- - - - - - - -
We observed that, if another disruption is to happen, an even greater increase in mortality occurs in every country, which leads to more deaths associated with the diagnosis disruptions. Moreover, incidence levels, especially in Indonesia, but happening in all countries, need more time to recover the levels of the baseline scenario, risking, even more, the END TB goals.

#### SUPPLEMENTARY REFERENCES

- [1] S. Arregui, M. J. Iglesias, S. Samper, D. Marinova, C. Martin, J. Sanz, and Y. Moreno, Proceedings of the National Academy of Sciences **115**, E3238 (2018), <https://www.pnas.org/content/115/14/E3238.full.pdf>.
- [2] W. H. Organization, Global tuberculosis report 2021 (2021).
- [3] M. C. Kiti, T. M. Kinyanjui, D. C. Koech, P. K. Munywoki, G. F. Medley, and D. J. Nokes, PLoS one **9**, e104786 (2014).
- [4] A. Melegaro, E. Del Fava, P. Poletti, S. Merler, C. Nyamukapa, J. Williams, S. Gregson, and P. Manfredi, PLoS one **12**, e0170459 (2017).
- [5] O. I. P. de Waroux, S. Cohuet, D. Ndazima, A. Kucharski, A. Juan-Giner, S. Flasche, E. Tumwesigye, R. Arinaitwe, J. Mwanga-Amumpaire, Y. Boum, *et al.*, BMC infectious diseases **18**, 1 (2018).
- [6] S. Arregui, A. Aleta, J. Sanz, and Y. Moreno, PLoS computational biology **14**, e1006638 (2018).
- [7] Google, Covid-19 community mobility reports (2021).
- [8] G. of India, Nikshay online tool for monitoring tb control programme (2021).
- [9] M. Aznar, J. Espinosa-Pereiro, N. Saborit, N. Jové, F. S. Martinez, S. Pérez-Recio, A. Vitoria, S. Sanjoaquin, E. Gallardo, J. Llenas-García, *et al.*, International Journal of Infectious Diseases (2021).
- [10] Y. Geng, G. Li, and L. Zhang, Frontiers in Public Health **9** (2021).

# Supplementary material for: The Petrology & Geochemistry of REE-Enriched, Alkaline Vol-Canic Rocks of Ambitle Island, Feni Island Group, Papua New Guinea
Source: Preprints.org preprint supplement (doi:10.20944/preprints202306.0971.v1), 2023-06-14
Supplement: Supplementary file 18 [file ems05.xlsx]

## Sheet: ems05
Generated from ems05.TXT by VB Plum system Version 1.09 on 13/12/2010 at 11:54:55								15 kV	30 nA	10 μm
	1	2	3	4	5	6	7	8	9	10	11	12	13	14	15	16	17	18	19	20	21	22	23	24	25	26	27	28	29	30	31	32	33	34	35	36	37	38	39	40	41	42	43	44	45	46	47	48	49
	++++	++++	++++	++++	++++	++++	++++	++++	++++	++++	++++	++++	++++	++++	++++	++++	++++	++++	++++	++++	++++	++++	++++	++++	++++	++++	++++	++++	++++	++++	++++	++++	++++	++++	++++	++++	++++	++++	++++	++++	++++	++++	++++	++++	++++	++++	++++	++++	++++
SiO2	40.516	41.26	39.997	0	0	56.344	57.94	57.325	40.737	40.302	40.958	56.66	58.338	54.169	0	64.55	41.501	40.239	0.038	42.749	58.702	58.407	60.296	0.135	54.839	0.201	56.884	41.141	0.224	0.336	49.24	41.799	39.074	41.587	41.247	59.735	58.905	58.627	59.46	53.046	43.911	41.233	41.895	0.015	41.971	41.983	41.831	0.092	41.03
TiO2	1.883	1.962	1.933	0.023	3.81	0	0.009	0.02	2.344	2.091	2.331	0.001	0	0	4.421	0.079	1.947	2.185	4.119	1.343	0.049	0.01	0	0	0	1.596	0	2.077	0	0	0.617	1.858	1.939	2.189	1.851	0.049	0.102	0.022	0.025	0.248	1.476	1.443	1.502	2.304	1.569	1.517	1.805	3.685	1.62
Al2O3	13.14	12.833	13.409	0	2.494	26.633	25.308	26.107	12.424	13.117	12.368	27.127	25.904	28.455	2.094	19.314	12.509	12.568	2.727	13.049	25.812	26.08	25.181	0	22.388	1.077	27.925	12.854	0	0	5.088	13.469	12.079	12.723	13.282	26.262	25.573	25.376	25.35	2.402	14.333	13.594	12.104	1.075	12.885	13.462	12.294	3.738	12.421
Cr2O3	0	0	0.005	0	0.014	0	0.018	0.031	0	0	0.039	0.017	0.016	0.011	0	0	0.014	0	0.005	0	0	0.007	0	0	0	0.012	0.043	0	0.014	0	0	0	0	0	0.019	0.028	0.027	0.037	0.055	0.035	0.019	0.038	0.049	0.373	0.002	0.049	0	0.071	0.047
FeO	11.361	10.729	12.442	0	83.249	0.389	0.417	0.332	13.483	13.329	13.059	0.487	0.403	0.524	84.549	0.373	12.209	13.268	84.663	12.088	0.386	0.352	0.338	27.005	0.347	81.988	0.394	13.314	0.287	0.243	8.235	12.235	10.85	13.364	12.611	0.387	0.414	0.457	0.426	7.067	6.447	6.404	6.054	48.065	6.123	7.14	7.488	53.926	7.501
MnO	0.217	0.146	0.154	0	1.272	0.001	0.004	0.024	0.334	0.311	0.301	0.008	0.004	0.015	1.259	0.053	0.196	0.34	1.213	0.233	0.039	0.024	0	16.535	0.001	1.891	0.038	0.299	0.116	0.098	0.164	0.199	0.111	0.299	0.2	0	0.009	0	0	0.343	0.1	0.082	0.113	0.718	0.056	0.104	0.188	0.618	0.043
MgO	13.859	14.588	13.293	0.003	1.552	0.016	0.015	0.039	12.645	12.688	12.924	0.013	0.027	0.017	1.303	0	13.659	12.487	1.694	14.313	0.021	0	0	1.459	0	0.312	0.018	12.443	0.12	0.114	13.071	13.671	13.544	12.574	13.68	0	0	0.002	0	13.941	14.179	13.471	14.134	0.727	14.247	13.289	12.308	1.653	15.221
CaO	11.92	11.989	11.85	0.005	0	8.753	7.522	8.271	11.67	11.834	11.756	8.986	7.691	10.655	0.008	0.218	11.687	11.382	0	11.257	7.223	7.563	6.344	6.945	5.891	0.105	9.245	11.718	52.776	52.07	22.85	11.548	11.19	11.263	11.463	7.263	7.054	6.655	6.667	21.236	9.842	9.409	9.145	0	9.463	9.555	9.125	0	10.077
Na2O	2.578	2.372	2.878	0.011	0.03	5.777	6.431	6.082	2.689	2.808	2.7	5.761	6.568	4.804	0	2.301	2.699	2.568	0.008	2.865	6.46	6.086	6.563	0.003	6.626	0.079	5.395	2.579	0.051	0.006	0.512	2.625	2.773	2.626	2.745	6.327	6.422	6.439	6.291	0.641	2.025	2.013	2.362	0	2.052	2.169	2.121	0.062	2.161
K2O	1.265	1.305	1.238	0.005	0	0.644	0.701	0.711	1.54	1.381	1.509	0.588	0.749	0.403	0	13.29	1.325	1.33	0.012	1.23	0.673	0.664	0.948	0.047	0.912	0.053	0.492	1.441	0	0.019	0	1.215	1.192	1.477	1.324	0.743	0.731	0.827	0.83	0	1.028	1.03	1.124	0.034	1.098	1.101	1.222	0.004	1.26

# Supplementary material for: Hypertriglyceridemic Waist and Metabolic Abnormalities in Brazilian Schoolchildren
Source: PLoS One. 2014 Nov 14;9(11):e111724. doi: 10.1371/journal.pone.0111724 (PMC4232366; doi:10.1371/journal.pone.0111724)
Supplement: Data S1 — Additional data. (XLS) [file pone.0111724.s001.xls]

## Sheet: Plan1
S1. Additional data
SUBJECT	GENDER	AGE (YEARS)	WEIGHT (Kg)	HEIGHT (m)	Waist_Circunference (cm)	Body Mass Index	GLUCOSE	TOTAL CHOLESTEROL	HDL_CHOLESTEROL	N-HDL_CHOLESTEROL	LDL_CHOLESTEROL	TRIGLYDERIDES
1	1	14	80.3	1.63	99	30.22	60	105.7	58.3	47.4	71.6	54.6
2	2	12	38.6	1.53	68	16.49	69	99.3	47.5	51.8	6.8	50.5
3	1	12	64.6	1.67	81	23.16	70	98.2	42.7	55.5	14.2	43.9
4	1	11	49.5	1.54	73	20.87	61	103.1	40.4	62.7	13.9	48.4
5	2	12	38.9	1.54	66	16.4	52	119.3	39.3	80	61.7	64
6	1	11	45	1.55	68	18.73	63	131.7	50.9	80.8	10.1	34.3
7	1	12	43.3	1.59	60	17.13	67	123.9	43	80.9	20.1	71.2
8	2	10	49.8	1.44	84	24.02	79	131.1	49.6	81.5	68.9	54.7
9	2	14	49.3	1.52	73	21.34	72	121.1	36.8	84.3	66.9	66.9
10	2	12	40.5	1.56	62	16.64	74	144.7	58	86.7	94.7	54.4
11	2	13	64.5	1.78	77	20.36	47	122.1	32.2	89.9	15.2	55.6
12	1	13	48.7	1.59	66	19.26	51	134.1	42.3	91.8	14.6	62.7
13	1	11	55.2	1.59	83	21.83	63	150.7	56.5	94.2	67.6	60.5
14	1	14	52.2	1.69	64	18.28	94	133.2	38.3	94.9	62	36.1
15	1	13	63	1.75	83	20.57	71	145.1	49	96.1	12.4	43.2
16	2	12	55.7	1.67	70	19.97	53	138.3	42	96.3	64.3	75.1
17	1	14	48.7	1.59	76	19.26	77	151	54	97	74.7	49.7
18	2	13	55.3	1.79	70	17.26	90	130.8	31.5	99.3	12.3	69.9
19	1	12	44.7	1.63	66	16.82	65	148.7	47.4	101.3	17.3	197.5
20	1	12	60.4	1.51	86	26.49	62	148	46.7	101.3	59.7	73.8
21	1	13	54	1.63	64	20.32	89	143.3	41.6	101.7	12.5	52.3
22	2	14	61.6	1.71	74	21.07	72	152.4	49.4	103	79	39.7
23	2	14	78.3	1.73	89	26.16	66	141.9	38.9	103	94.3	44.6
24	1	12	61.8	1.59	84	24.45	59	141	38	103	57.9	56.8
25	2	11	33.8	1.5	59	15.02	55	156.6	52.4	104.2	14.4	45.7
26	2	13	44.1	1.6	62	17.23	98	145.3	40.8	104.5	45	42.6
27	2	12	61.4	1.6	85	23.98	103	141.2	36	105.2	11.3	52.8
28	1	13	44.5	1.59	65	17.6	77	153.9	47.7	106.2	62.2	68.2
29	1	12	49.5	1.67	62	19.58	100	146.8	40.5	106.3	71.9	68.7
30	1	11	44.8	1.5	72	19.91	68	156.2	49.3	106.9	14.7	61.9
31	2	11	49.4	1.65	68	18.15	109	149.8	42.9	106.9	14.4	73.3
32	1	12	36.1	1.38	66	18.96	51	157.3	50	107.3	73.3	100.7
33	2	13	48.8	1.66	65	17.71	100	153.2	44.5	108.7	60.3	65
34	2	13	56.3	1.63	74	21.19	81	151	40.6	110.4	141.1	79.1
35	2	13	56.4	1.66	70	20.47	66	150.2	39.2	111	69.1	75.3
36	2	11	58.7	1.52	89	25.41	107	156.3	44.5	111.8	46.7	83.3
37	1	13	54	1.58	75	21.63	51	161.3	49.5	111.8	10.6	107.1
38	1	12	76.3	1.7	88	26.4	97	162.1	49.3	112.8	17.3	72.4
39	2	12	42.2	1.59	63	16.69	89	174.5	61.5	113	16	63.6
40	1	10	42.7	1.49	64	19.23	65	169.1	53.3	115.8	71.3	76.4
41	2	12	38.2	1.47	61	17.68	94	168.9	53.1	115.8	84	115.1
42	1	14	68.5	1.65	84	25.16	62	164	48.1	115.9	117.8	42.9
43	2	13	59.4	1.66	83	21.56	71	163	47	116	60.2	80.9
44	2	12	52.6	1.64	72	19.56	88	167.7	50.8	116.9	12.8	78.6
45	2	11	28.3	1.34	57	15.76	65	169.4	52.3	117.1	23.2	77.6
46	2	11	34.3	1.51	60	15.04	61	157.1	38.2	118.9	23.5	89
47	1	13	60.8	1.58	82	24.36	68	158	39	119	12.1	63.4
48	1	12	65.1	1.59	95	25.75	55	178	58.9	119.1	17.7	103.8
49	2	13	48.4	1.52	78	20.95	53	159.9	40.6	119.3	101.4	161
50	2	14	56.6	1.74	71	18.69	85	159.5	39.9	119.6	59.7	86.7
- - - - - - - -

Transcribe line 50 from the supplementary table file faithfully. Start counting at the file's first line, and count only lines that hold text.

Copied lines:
15	1	13	63	1.75	83	20.57	71	145.1	49	96.1	12.4	43.2